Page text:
As with open source software, members of the Creative Commons community attempting to use the licenses outside of the scope of copyright are starting from a place of enthusiasm about what Creative Commons represents. That enthusiasm motivates them to try and bring what they understand as the core of the Creative Commons ethos to places that were never intended by the original creators of Creative Commons. They are doing it “wrong” not out of spite for the work of Creative Commons, but rather because of their affection for Creative Commons.
Who Should Control Open GLAM Collections?
The Open GLAM (Galleries, Libraries, Archives, and Museums) movement is an effort to encourage GLAM institutions to make their collections more accessible to the public. While this can take many forms, one of the most common ways to implement an Open GLAM agenda is for an institution to digitize the works in its collections and make those digital versions available online in an open and unrestricted way.
A core goal of the Open GLAM movement is to make more culture available to more people with fewer restrictions on what those people do with the collections. Institutions large and small have joined the Open GLAM community by opening parts of their collections.
While this goal of making more culture available to more people with fewer restrictions drives the push for Open GLAM, it can also overlook the sources of those collections and sidestep questions of who should have the authority to make culture more available.
Projects such as the TK (Traditional Knowledge) Labels are designed to give Indigenous communities a voice in how GLAM collections that include objects from their cultures are used by the wider world. Scholars have also raised questions in other contexts about who should be empowered to decide when an artifact is made available to the broader public.
Viewed one way, these efforts act against the core goals of openness by limiting how ‘open’ objects can be used. Viewed another, these are attempts to find a version of openness that includes equally important values like representation and inclusivity.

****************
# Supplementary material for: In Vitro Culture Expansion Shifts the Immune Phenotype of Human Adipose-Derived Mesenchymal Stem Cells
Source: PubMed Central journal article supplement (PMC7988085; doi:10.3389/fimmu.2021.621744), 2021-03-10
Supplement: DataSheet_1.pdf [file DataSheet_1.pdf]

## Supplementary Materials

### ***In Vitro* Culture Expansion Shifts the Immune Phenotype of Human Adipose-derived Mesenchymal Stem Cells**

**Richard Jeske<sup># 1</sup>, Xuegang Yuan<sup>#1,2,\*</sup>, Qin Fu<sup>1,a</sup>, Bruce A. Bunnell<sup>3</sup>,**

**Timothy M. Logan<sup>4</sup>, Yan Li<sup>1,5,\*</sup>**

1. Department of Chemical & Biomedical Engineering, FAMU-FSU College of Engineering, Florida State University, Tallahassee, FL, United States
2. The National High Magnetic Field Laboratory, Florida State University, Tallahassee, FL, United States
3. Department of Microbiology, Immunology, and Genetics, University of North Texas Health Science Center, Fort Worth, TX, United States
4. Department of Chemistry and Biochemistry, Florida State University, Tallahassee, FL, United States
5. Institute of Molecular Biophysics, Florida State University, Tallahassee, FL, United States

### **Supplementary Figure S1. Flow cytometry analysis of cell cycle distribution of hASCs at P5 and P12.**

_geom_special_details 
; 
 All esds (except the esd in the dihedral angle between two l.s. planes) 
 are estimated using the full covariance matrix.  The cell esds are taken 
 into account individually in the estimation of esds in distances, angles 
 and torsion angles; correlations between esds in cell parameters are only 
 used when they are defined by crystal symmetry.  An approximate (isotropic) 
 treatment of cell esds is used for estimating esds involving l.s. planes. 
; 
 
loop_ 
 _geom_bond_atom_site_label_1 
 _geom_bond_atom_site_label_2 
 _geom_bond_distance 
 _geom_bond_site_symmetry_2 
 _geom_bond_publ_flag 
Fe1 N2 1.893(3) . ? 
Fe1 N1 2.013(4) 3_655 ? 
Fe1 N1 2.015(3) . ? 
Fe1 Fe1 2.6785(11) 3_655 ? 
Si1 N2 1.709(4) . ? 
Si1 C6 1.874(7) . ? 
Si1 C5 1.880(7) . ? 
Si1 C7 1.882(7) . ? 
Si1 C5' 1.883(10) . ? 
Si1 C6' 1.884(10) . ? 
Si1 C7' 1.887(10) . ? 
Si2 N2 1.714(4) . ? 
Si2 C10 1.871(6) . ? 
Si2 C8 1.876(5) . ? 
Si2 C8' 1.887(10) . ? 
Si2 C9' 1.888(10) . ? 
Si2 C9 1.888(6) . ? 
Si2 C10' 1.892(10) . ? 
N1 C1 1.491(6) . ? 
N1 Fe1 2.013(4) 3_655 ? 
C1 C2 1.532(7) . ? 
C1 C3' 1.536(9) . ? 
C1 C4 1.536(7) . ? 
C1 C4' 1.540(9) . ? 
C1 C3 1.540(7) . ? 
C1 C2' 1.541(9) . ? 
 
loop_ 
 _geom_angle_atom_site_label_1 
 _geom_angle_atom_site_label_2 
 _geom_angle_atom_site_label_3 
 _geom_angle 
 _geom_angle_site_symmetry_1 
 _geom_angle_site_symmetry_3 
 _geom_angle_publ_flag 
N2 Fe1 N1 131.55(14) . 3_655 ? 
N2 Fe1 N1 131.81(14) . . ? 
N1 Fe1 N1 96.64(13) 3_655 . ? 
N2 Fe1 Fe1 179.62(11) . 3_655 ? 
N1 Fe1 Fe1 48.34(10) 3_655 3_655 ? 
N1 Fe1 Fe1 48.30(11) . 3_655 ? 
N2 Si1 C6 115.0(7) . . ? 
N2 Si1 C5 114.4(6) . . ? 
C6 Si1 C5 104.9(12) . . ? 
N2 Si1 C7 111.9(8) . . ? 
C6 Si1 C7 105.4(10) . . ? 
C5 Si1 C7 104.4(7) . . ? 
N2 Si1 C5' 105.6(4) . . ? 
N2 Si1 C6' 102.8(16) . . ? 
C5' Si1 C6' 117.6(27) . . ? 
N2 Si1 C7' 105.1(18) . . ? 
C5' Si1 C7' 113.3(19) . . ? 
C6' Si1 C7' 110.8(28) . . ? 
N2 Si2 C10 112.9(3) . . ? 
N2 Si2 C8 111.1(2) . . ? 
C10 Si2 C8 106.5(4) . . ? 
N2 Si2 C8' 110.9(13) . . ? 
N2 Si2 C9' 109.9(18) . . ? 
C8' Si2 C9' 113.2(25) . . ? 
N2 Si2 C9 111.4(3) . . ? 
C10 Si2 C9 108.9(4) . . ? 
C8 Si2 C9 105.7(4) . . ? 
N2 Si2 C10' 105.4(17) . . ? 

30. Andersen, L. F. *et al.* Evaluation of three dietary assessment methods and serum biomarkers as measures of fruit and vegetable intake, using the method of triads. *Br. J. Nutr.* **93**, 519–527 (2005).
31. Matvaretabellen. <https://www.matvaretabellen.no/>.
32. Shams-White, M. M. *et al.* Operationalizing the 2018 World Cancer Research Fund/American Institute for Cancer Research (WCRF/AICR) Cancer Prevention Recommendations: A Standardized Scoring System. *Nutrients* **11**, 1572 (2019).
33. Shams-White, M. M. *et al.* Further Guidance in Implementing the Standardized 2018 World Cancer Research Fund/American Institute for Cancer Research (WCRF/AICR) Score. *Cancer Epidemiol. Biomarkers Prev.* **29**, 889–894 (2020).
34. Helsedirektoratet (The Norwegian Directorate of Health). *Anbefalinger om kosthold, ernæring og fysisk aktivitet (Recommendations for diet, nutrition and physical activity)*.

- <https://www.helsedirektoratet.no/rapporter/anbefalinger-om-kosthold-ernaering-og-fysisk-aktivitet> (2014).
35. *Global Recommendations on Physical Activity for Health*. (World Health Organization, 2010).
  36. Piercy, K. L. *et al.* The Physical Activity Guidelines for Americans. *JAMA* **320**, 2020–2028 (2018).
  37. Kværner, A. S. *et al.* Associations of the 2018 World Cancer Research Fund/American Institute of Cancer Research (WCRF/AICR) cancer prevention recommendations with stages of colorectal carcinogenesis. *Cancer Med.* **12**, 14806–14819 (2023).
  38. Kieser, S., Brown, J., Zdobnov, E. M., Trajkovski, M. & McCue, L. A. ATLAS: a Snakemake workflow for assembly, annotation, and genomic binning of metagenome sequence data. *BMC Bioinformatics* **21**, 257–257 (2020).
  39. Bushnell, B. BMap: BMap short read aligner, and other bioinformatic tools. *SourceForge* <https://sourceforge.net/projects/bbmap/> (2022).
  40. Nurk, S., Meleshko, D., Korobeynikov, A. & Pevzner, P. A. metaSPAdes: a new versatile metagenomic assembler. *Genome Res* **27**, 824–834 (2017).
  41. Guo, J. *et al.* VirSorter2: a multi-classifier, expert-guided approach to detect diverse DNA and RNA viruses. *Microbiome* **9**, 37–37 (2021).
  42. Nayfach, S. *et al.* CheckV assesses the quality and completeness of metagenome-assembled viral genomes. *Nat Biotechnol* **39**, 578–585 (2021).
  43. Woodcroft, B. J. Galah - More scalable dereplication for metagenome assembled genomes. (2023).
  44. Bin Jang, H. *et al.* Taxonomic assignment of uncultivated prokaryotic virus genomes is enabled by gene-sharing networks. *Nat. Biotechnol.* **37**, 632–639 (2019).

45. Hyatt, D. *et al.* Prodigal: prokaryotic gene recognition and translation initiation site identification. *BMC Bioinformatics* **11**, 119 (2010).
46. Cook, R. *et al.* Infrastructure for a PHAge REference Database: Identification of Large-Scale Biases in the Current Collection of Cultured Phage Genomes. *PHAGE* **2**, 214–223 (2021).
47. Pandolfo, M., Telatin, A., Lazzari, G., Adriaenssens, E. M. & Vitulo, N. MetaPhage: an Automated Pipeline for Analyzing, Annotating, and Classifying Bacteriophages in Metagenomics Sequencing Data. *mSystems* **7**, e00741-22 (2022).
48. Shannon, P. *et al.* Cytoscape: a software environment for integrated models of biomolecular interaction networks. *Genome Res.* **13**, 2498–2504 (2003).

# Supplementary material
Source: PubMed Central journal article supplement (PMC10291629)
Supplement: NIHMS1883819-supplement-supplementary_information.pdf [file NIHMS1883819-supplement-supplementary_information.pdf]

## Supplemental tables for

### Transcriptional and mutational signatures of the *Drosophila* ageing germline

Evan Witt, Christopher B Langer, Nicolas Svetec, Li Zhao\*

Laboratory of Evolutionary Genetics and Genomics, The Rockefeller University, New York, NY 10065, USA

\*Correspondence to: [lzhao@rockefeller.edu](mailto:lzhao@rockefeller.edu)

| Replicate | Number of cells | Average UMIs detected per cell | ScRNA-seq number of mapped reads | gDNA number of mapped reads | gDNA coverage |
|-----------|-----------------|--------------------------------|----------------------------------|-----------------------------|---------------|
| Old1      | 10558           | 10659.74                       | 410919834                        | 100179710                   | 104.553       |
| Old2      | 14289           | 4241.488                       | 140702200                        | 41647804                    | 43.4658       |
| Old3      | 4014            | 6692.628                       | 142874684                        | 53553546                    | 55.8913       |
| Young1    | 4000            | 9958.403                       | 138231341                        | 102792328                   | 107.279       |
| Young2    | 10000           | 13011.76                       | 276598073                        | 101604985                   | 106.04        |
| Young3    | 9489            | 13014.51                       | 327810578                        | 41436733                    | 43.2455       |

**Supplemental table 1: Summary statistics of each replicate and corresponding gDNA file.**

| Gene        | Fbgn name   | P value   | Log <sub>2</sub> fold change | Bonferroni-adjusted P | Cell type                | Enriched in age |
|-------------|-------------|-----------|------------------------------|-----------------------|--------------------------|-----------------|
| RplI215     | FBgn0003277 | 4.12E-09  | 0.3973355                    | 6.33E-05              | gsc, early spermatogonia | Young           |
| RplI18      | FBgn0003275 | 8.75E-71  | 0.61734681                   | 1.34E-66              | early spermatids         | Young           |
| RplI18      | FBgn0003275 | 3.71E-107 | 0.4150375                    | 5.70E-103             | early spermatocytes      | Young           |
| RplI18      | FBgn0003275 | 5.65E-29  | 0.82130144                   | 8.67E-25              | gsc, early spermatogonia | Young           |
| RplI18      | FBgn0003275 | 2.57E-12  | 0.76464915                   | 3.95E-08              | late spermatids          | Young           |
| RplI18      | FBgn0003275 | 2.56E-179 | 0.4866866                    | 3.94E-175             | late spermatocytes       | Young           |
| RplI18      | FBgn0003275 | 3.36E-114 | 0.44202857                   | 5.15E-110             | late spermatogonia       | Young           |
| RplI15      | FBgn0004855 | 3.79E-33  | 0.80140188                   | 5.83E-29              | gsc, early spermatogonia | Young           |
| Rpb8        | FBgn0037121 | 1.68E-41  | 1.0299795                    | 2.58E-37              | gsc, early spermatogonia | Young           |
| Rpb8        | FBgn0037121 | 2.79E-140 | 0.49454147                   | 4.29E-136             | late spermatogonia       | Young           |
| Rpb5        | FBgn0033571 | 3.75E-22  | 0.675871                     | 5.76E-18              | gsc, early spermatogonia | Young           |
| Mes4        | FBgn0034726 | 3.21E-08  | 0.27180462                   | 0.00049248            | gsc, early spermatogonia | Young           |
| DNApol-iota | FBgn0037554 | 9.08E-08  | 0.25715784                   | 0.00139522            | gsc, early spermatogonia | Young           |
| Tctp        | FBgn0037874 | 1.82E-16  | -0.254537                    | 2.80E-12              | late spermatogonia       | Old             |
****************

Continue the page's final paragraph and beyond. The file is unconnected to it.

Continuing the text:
However one is inclined to view them, these types of critiques are not rooted in a rejection of the core concepts of Open GLAM. Instead, they are being raised by people within the Open GLAM community who believe that there are better ways for Open GLAM to achieve its goals. They believe that Open GLAM will be strengthened - not undermined - by incorporating concerns and stakeholders that were largely left out of the original discussions. To the extent that these new tools introduce restrictions on the use of open access works, those restrictions assume full open access is a natural starting point for the discussion.
Does This Need to be Resolved?
Ethical open source licensing, Creative Commons without copyright, and a slightly less open Open GLAM are examples of this tension, but they are not alone. You can find similar dynamics in discussions around privacy concerns in connection with open data, business models in connection with open publishing, and even questions about how to deal with dominant platforms in connection with the open internet.
In each of these communities it is easy - and tempting - to try and push these questions aside, categorizing them as beyond the community scope or undermining the push for openness. After all, the universal principles that founded these communities have gotten us this far. They are a success!
This type of doctrinaire approach tends to work well until it doesn’t. If open continues to succeed and grow, open communities need mechanisms to incorporate the broader set of people who will make them up. It is not reasonable to assume that this new universe of open enthusiasts will come with exactly the same values as the founding cohort, or to declare that the concerns that they bring to the community should be dismissed out of hand.
Instead, open communities should begin prioritizing developing tools and processes to manage internal dissent about the limits of openness in ways that feel legitimate to everyone involved. This does not mean that open communities need to accept all of the concerns or accommodate them. It does, however, mean that they need better ways to give them a fair hearing.
Header image: The leaders of two armies conversing, their respective troops and camps on either side; above, Minerva observes from her chariot; set design from ‘Il Pomo D’Oro’ from the Met Open Access collection